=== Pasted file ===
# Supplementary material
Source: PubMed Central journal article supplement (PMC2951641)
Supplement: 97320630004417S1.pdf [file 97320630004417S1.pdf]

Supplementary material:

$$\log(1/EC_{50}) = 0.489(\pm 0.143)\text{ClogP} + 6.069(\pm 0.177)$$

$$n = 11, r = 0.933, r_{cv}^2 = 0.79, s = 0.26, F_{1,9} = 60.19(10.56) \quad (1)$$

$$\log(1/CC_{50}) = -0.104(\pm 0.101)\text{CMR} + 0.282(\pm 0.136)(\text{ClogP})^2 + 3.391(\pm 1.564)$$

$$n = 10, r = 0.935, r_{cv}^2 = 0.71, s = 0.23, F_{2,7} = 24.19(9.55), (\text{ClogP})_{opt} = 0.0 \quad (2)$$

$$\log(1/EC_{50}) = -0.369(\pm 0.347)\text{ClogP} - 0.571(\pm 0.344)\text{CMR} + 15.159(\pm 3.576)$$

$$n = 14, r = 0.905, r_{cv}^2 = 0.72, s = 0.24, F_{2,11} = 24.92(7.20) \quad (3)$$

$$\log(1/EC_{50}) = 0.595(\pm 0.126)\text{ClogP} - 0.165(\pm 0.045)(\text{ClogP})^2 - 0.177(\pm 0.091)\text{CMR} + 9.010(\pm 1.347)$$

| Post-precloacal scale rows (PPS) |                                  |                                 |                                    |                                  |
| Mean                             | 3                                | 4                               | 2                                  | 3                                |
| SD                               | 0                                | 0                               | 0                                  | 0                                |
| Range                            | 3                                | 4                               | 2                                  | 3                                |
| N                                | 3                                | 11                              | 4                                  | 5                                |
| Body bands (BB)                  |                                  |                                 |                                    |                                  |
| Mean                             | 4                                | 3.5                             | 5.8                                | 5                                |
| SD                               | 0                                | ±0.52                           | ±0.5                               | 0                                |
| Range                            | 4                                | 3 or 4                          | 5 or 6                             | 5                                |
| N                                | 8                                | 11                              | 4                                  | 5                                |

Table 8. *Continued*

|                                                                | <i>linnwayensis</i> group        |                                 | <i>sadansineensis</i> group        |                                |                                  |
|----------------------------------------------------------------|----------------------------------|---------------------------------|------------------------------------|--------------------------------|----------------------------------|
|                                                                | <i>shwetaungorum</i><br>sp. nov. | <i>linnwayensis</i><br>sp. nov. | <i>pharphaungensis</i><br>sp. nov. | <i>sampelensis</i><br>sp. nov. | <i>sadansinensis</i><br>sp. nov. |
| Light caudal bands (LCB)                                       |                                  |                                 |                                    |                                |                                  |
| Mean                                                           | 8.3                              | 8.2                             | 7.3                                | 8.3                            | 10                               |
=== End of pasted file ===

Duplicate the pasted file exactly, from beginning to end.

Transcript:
# Supplementary material
Source: PubMed Central journal article supplement (PMC2951641)
Supplement: 97320630004417S1.pdf [file 97320630004417S1.pdf]

Supplementary material:

$$\log(1/EC_{50}) = 0.489(\pm 0.143)\text{ClogP} + 6.069(\pm 0.177)$$

$$n = 11, r = 0.933, r_{cv}^2 = 0.79, s = 0.26, F_{1,9} = 60.19(10.56) \quad (1)$$

$$\log(1/CC_{50}) = -0.104(\pm 0.101)\text{CMR} + 0.282(\pm 0.136)(\text{ClogP})^2 + 3.391(\pm 1.564)$$

$$n = 10, r = 0.935, r_{cv}^2 = 0.71, s = 0.23, F_{2,7} = 24.19(9.55), (\text{ClogP})_{opt} = 0.0 \quad (2)$$

$$\log(1/EC_{50}) = -0.369(\pm 0.347)\text{ClogP} - 0.571(\pm 0.344)\text{CMR} + 15.159(\pm 3.576)$$

$$n = 14, r = 0.905, r_{cv}^2 = 0.72, s = 0.24, F_{2,11} = 24.92(7.20) \quad (3)$$

$$\log(1/EC_{50}) = 0.595(\pm 0.126)\text{ClogP} - 0.165(\pm 0.045)(\text{ClogP})^2 - 0.177(\pm 0.091)\text{CMR} + 9.010(\pm 1.347)$$

| Post-precloacal scale rows (PPS) |                                  |                                 |                                    |                                  |
| Mean                             | 3                                | 4                               | 2                                  | 3                                |
| SD                               | 0                                | 0                               | 0                                  | 0                                |
| Range                            | 3                                | 4                               | 2                                  | 3                                |
| N                                | 3                                | 11                              | 4                                  | 5                                |
| Body bands (BB)                  |                                  |                                 |                                    |                                  |
| Mean                             | 4                                | 3.5                             | 5.8                                | 5                                |
| SD                               | 0                                | ±0.52                           | ±0.5                               | 0                                |
| Range                            | 4                                | 3 or 4                          | 5 or 6                             | 5                                |
| N                                | 8                                | 11                              | 4                                  | 5                                |

Table 8. *Continued*

|                                                                | <i>linnwayensis</i> group        |                                 | <i>sadansineensis</i> group        |                                |                                  |
|----------------------------------------------------------------|----------------------------------|---------------------------------|------------------------------------|--------------------------------|----------------------------------|
|                                                                | <i>shwetaungorum</i><br>sp. nov. | <i>linnwayensis</i><br>sp. nov. | <i>pharphaungensis</i><br>sp. nov. | <i>sampelensis</i><br>sp. nov. | <i>sadansinensis</i><br>sp. nov. |
| Light caudal bands (LCB)                                       |                                  |                                 |                                    |                                |                                  |
| Mean                                                           | 8.3                              | 8.2                             | 7.3                                | 8.3                            | 10                               |